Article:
After removing it, negatives are hanged in a clean dust free area so that nobody touches the negatives with dry fingers, but wet your hands in solution and lightly run fingers along drying film to remove excess water. Negatives will be ready to be used at least after 2 hours again.

 Application of forensic Photography to different crime scenes

A. Purpose of Crime Scene Photography

1. One of the best means to record crime scene.

 2. To record the original scene i.e. exact location of crime scene and related areas.

3. To record the initial appearance and exact location of physical evidence at the crime scene.

4. To record the point of Entry          

 5. Recognised and marked evidences can be photographed first before the collection process start.

6. It will provide investigators and others with permanent visual record of the whole crime scene for later use in the investigation.

7. Photographs are also produced in court trials and hearings to authenticate the verbal statements.

 8. In case of accident scene, the photographs should be clicked to fix the location where accident took place; registration number of the vehicle involved; and other marks which can be useful in finding the cause of accident

9. All the close-photographs must be taken by putting at least one scale if not two.

 10. If possible two or three photographs of the viewer must be taken. 11. To record the point of Exit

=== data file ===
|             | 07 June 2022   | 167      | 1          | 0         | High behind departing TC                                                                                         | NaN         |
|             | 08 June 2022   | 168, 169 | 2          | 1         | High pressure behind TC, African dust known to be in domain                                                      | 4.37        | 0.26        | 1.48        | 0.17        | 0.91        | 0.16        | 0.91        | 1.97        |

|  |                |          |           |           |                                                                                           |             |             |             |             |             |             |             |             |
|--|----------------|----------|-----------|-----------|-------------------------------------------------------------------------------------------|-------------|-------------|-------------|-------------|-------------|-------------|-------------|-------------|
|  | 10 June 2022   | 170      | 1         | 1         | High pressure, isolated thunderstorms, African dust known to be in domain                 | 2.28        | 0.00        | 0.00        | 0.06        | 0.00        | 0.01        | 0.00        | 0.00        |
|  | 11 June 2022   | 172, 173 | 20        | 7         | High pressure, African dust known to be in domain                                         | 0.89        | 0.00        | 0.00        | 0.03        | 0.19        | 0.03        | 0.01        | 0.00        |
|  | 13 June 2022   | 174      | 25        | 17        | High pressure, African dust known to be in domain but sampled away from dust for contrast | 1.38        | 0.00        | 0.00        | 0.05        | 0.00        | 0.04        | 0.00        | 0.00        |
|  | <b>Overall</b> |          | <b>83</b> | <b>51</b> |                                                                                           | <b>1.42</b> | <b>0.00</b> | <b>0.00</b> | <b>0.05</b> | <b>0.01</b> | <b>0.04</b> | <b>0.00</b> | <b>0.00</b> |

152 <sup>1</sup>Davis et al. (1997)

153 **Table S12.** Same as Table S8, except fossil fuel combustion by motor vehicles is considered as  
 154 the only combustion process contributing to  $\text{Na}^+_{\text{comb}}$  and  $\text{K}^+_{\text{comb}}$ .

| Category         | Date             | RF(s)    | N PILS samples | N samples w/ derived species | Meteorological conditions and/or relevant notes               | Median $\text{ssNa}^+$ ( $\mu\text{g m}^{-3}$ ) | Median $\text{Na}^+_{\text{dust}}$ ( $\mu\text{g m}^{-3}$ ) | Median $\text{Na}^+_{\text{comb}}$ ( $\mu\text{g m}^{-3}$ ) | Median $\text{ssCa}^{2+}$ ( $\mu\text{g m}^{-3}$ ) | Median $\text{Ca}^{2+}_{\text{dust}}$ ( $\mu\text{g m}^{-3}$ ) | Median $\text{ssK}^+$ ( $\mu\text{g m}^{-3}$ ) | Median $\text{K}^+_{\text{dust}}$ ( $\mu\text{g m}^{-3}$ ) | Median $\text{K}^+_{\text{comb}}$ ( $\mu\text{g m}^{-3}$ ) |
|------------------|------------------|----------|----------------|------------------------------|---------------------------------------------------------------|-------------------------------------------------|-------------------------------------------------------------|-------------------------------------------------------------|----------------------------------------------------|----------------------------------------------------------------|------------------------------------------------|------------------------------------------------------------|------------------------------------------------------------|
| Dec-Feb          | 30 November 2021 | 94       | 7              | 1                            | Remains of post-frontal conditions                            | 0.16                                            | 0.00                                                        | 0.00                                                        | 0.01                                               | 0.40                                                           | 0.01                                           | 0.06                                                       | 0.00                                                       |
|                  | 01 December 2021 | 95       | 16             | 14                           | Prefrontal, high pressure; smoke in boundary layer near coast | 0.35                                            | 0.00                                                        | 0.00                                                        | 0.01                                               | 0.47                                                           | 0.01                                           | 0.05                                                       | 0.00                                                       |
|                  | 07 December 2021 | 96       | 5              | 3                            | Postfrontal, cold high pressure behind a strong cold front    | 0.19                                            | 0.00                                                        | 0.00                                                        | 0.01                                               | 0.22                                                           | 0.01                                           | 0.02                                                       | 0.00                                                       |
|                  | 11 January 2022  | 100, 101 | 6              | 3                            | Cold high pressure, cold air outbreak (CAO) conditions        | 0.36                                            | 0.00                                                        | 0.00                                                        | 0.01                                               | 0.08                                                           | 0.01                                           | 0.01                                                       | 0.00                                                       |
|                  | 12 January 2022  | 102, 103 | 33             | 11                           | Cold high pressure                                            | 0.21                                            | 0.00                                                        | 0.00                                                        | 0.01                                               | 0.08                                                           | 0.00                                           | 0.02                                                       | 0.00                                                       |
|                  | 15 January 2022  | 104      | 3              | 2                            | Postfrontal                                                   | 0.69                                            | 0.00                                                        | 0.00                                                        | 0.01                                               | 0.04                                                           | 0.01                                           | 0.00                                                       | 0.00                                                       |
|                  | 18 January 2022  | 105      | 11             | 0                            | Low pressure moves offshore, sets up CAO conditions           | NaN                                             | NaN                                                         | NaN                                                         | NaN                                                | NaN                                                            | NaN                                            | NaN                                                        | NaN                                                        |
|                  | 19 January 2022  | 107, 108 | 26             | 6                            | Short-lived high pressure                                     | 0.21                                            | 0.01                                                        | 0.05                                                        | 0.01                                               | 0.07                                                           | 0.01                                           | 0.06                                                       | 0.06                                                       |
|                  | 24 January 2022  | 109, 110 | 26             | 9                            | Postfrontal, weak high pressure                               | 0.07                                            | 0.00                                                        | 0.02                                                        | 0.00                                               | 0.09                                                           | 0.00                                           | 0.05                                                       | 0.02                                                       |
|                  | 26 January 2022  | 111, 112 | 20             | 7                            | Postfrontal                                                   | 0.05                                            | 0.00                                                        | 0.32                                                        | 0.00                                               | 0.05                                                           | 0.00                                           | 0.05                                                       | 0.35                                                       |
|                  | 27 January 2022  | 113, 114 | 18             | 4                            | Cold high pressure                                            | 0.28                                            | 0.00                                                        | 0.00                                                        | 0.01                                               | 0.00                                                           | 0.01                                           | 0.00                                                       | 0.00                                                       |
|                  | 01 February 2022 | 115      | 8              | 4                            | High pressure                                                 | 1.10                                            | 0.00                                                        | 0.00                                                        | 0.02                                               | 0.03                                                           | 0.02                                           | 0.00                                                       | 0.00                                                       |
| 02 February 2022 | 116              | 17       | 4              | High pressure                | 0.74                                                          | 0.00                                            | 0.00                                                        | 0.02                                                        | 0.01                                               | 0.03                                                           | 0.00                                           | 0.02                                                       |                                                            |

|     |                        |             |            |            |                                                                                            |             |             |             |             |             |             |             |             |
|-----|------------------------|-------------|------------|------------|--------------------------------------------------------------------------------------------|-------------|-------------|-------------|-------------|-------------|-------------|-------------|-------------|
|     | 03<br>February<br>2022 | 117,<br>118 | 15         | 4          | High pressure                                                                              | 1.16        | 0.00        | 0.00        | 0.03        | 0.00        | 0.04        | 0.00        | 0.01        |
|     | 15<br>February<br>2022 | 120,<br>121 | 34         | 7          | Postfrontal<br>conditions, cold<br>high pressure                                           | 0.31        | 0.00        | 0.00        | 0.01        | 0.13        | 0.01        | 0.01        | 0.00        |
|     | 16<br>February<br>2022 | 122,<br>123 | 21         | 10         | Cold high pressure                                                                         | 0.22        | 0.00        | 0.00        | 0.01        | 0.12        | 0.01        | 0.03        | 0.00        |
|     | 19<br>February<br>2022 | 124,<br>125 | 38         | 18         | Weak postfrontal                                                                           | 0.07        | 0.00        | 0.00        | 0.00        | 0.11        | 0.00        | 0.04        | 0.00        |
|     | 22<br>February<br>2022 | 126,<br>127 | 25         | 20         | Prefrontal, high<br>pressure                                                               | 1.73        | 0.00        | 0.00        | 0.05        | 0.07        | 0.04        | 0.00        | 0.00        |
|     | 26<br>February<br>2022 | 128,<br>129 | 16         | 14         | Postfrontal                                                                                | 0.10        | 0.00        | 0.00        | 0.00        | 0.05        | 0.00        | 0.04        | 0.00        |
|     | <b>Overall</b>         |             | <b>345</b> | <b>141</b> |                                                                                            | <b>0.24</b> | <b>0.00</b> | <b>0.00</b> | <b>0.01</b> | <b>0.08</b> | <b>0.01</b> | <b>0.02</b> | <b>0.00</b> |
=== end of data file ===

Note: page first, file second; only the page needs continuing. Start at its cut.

12. Vehicle used to reach and get away from the crime scene

13. Track Marks if any                        

 B. Admissibility of photographic evidence: The photographs must qualify the following major points to be admitted by the court of law:

 1. Photographs of the objects must be material or relevant to the point of issue.

2. The close up photograph must be taken by putting one or two scales and should not appeal to the emotions or tend to prejudice the court or jury.

3. There shouldn’t be any alteration, distortion and not misrepresent the scene in the photograph or the object it purports to reproduce.

4. There shouldn’t be any alteration in the photographs.

Photographic Specific Crime Scenes

Each and every crime scene is unique and has unique characteristics. So, different types of photographs are required for different crime scenes and these are always decided by the investigator present at the crime scene and based on his experience. Different crime scenes and the types of photographs required have been discussed as follows:

  Homicide

photography

1. Use colour photographs

2. Photographs (example: homicide inside a residence)

 I. Exterior of the building

 II. Evidence outside the building

 III. Entrance into the scene

IV. Room in which the body was found

 V. Adjoining rooms, hallways, stairwells

VI. Body from five angles

VII. Close-up of body wounds

VIII. Weapons

IX. Trace evidence

X. Signs of activity prior to the homicide

XI. Evidence of struggle

 XII. View from positions witnesses had at time of the crime

 XIII. Autopsy

· Suicide or other dead body

 If there is any doubt, photograph the scene as a homicide and the marks pointing towards the suicide may be included.

 · Burglaries

 1. Photographs (residential or commercial burglaries)

a. Exterior of building

 b. Point of entry